by Yolanda Ridge
In crime shows the first thing detectives look for is fingerprints. I’m sure you know why —because every person has a unique pattern on the tips of their fingers. This means anything touched by the criminal could help to identify them.
Smart criminals wear gloves for exactly this reason. To stay one step
ahead, detectives and scientists figured out how to look for
something else that’s unique — DNA fingerprints.
What is DNA? It’s the alphabet used to write the instruction manual on how all living things develop, grow and function. A copy of this instruction manual is contained in every single cell of our body. Which means that if a criminal leaves a piece of hair of a speck of spit at the scene of the crime, scientists can examine the DNA within the cells to try and identify a suspect.
DNA fingerprinting has been available for a while but now there’s something new on the scene — environmental DNA. Better known as eDNA, environmental DNA is DNA that’s been shed by an organism into the environment. And it’s found almost everywhere — water, soil, ice and even air.
Environmental DNA is not being used to fight crime — at least not yet. But over the past ten years it’s been used to do some cool stuff including:
verify a new whale species in Mexico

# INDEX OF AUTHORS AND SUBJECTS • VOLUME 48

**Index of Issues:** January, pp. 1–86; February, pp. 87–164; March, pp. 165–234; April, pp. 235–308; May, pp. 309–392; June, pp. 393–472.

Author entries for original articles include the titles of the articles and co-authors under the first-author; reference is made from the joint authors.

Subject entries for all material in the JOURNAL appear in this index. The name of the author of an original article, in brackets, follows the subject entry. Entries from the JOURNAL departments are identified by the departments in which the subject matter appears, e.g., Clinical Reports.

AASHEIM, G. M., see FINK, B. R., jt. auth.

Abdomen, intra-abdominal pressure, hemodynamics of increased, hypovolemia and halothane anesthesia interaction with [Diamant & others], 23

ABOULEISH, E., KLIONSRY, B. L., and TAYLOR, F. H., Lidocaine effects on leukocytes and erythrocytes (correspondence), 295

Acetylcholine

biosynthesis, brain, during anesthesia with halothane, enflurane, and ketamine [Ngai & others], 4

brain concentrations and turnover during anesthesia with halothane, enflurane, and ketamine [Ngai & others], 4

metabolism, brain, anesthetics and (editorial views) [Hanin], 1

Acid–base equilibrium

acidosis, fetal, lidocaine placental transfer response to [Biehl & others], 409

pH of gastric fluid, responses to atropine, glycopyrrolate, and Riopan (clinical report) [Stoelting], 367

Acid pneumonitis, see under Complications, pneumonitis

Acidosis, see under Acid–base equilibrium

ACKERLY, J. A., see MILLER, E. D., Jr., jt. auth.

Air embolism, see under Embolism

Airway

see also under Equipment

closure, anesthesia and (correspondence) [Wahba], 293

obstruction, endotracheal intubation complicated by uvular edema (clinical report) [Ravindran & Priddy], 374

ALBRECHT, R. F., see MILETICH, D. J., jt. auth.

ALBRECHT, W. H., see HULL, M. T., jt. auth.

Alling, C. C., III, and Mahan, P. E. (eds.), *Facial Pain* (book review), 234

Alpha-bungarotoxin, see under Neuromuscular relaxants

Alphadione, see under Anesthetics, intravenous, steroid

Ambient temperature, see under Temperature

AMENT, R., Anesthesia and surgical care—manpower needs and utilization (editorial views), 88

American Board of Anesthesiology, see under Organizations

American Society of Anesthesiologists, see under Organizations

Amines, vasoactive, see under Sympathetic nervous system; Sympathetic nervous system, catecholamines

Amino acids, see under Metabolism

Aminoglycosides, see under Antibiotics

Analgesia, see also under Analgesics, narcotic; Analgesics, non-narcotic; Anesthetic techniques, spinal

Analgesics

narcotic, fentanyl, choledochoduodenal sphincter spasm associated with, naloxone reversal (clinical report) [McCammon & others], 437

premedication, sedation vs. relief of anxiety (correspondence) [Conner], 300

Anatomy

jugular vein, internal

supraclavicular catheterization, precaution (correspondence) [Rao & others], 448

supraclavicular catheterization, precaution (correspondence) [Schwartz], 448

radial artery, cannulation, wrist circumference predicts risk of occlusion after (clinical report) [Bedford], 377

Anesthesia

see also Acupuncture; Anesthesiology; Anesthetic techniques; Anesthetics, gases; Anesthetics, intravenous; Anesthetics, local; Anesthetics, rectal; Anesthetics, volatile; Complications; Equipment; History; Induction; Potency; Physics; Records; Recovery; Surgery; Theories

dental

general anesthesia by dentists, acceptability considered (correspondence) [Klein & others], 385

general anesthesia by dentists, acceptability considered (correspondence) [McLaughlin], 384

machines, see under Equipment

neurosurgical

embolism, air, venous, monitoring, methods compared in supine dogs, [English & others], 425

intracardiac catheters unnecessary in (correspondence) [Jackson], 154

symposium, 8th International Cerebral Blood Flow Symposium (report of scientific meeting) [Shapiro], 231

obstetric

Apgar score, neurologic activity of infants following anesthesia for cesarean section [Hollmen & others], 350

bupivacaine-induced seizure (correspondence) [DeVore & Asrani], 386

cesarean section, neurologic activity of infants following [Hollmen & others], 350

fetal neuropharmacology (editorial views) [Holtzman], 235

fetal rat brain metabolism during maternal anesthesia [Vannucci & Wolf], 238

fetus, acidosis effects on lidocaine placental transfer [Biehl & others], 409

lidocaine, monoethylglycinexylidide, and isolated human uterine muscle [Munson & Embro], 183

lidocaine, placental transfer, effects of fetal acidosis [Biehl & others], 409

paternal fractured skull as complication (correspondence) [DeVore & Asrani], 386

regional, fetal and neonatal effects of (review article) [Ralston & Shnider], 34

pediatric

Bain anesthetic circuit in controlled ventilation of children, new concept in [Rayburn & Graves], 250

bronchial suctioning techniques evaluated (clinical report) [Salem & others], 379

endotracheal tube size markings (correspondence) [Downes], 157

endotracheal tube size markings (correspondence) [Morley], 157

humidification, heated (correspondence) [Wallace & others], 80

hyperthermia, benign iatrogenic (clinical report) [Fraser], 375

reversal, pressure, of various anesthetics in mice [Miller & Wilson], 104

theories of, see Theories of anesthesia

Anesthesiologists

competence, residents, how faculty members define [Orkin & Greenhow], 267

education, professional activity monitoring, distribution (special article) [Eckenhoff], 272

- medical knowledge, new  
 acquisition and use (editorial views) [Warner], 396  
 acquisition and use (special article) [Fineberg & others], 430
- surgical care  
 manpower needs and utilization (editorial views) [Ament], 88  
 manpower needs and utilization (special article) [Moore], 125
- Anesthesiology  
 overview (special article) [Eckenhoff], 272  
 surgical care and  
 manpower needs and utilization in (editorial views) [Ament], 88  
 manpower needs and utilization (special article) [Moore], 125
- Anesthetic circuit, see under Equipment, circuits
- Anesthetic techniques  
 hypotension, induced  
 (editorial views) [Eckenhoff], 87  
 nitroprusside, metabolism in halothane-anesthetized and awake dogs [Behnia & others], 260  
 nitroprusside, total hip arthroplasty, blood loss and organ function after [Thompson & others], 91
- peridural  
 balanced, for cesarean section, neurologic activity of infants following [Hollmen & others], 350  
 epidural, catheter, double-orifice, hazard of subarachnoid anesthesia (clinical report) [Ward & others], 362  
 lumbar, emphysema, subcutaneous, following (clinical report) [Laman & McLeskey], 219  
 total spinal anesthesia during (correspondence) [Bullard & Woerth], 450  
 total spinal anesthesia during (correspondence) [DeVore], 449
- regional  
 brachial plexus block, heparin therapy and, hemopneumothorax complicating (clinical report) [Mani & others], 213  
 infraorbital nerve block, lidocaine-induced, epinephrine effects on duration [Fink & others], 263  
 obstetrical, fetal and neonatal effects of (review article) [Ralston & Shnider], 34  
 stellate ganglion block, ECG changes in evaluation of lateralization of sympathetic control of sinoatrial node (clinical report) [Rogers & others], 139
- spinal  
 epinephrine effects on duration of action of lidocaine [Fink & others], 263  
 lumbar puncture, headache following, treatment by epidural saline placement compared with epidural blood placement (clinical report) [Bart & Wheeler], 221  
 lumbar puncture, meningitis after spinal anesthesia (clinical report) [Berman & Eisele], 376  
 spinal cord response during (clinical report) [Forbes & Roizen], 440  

monitor endangered fish species like the dwarf Galactus in Australia
determine whether there’s enough food for tigers in Bhutan
research biodiversity and native species in areas like Columbia
track polar bear populations and movement in the arctic
detect invasive species such as Asian carp, American bullfrogs and New Zealand mudsnails
detect microbes dangerous to plant, animal and human health in waterways around the world
More recently, scientists showed they could vacuum eDNA directly from the sky. To prove it, two different research groups identified DNA from animals at a nearby zoo in samples of the air.
To find out more about eDNA, check out these YouTube videos:
EnviroDNA (Australia): https://www.youtube.com/watch?v=TQdTV1rAlWY
From the World Wildlife Fund: https://www.youtube.com/watch?v=4YXfZvEvUgc
And keep following science blogs like this to learn more about how eDNA gets used in the future. It’s coming soon to a crime scene near you (but hopefully not too near you!).
Yolanda Ridge is a middle grade author, science writer and knowledge translation co-ordinator from Rossland, BC. Visit her website at www.yolandaridge.com to find out more.
Fingerprint image by Stux from pixabay.com
DNA by Jerome Walker from Wikimedia Commons
eDNA image from Biological Conservation via ScienceDirect
Cloud DNA by Andrew Brumagen via Freethink